Fertility and cancer treatment

A picture of a couple holding hands in a doctor's office

Is my treatment likely to affect my fertility?

Your chances of infertility depend on:

  • Your fertility before treatment – for example if you have a low sperm count before treatment / How near a woman is to the menopause
  • Your age – fertility is more likely to return in younger people, but it depends on the type of treatment and the dose
  • The type of cancer you have
  • The type of treatment used – e.g. radiotherapy, hormone therapy, chemotherapy, surgery
  • If you have any other health problems

How can treatment affect fertility?

Female fertility

Some cancer treatments can damage the eggs in your ovaries or affect the hormones that make your body release eggs and get ready for pregnancy. Read more about fertility issues for women.

Male fertility

Some treatments can damage sperm, reduce your sperm count or affect your ability to ejaculate. Read more about fertility issues for men.

Talk to your doctor before treatment starts

Talk to your cancer specialist before treatment starts about how it could affect your fertility and your options. Even if you have no immediate plans to start a family, you might still want to consider your options for the future.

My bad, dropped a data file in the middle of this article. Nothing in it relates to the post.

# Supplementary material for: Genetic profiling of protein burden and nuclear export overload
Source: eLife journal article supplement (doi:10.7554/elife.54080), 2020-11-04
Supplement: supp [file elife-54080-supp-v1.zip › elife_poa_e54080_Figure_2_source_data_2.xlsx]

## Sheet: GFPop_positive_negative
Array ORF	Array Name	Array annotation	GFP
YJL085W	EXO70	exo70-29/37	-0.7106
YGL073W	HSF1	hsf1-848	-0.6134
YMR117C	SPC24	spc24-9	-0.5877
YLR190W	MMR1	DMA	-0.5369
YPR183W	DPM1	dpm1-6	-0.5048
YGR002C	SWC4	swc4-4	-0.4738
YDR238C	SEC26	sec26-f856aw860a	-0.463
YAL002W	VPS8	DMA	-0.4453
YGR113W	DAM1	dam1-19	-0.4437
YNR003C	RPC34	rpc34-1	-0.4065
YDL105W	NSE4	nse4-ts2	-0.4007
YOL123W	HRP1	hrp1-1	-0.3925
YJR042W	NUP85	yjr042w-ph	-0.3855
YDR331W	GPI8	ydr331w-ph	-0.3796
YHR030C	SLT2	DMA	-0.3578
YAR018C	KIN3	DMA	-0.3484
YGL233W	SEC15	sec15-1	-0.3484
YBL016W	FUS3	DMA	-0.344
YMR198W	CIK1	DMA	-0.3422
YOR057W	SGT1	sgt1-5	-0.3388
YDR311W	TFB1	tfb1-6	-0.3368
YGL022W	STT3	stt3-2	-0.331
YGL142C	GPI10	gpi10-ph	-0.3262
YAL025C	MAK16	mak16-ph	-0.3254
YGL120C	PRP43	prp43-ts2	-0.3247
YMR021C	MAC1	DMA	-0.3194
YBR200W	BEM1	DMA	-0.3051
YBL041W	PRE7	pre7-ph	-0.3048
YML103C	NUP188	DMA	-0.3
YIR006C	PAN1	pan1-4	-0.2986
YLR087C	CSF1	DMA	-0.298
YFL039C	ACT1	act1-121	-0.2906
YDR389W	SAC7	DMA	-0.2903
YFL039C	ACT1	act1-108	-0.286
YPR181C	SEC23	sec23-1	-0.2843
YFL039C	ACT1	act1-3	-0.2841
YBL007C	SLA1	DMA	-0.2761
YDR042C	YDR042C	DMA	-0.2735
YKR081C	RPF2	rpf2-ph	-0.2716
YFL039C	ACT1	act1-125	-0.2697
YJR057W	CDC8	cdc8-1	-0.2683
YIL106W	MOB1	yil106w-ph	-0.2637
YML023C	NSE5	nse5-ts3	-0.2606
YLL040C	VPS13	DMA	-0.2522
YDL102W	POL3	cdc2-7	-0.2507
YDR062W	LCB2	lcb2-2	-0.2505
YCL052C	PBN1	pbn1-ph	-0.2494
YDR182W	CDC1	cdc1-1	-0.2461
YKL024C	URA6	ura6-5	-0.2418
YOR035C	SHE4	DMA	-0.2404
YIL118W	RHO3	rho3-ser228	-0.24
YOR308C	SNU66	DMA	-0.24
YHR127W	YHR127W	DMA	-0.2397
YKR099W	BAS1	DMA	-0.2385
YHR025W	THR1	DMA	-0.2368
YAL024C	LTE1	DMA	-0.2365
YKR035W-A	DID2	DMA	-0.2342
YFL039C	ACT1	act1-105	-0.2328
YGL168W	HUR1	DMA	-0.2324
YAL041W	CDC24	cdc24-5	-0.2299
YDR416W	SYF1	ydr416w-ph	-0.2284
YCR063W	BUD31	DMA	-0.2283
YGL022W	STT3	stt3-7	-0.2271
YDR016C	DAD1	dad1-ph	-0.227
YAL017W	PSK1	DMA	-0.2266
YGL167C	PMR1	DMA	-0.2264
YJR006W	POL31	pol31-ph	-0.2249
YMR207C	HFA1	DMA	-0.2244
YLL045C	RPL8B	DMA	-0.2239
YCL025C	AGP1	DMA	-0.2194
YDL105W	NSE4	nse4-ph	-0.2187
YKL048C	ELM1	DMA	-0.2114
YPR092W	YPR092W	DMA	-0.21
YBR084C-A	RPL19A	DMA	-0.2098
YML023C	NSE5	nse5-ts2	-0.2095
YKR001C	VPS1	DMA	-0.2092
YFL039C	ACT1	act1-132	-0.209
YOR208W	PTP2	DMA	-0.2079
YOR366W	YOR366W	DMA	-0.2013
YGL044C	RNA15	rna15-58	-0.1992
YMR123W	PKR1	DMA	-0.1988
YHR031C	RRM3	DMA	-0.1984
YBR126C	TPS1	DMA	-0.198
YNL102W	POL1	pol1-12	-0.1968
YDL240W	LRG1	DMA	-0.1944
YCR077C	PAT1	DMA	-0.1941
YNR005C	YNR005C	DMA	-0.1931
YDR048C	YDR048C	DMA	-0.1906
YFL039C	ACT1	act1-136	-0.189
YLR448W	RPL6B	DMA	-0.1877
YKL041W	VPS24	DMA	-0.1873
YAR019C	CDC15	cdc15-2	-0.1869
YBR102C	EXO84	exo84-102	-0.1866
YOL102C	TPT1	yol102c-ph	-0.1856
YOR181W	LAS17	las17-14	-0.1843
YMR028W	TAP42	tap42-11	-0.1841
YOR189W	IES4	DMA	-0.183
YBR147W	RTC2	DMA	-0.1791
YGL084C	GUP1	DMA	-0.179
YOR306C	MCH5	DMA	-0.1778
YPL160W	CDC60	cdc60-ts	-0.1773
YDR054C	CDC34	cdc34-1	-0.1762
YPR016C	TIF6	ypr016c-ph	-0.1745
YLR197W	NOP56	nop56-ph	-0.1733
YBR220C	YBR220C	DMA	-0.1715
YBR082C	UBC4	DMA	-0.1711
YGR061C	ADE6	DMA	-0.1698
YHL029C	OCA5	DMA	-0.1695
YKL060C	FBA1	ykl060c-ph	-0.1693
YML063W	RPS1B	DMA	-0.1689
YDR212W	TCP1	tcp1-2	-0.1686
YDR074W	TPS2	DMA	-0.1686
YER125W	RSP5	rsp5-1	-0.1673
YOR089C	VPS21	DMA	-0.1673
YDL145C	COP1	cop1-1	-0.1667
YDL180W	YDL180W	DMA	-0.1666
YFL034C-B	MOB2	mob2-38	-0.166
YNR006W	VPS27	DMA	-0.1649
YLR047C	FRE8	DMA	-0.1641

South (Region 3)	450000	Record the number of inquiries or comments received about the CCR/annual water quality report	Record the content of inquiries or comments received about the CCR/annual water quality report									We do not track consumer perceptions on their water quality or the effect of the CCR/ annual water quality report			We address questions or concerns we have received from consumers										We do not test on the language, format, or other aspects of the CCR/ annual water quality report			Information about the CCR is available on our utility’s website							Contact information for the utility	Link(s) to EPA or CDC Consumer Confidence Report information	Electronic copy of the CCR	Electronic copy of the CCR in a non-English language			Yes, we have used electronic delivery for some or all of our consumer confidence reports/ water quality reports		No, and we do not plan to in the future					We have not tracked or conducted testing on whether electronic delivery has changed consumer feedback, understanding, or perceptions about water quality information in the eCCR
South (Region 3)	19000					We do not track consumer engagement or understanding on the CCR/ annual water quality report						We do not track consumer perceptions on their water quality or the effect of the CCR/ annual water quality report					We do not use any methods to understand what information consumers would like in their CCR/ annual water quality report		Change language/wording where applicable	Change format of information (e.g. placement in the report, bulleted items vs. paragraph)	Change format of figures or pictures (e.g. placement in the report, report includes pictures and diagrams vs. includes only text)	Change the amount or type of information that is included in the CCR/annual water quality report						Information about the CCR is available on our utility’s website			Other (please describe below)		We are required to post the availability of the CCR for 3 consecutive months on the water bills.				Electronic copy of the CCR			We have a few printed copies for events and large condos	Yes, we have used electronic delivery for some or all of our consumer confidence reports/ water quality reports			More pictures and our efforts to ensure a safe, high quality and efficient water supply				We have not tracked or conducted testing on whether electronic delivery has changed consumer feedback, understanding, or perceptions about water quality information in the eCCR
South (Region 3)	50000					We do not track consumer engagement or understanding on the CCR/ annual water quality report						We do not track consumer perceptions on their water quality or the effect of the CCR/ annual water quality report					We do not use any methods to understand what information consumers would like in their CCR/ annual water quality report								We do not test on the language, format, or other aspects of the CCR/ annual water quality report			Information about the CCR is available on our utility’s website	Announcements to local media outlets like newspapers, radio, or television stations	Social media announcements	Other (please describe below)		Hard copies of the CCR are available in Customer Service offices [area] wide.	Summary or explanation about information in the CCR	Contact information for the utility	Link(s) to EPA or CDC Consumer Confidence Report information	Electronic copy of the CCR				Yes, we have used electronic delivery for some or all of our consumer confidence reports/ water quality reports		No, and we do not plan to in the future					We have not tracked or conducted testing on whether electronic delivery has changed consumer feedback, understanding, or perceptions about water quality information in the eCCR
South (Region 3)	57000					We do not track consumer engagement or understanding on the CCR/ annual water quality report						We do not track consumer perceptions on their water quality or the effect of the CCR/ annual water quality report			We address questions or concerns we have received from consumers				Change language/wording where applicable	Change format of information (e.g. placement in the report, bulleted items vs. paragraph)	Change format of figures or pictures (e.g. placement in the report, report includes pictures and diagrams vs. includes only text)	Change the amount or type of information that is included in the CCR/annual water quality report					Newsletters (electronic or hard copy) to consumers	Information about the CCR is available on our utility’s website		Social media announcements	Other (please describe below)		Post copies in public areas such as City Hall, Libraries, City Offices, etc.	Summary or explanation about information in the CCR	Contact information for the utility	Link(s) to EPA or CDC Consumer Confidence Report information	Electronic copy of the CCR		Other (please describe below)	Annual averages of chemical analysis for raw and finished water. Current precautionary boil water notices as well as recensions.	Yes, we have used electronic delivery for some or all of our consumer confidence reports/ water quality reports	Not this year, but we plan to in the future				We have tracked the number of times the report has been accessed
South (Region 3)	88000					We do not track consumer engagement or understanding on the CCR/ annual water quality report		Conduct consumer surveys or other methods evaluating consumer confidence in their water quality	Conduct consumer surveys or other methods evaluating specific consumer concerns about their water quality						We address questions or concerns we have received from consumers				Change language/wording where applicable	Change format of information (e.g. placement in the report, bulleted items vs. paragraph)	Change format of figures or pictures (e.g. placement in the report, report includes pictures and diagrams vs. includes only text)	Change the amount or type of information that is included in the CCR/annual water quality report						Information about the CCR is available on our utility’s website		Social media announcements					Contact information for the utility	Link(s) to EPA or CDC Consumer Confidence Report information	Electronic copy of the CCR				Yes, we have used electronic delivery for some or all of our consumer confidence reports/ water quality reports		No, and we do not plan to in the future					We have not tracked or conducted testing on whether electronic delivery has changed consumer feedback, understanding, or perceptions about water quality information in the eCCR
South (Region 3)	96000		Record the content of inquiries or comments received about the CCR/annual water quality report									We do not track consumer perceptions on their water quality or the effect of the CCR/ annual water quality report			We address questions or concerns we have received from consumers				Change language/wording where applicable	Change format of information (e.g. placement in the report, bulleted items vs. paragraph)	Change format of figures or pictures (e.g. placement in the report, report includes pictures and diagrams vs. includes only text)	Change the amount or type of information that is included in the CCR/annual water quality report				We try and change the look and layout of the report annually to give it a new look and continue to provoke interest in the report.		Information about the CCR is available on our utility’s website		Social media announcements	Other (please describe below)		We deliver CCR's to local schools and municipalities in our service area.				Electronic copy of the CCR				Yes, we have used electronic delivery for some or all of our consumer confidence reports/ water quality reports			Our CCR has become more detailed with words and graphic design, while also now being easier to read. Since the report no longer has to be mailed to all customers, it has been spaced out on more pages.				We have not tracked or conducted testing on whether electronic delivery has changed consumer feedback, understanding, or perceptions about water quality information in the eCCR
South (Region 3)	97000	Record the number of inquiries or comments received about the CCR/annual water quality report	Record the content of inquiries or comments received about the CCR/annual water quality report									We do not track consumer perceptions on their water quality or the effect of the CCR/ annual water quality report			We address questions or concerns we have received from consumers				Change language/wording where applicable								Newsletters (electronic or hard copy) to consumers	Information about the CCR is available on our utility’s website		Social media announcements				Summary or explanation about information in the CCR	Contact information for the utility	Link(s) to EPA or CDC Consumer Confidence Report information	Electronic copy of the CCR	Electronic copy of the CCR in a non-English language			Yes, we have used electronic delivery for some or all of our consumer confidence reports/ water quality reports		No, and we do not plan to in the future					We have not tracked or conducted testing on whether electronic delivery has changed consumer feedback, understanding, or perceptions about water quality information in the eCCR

For example, it may be possible to freeze your eggs or sperm before treatment starts. Read more about freezing your eggs or storing your sperm (sperm banking).

Bring your partner, so they can ask questions too and discuss it together.

Many couples have had healthy babies after one or the other has been treated for cancer.

It’s important to think about contraception, even if your treatment is likely to affect your fertility. When having cancer treatment, you should avoid having unprotected sex. You should not become pregnant or father a child when having cancer treatment as treatment can harm a developing baby. Speak with your consultant or nurse specialist about the need to use contraception and for how long.

Fertility after cancer treatment

Cancer treatments can affect the organs and hormones that help you to reproduce (have children). 
Infertility can be temporary or it can be permanent. The effect that treatment has on fertility can vary. There are many factors that effect it such as age, type of cancer, where in the body the cancer is, the type of treatment you have and how long you have the treatment for. Read more about fertility after cancer treatment

For more information

Icon: Phone


1800 200 700

Icon: Email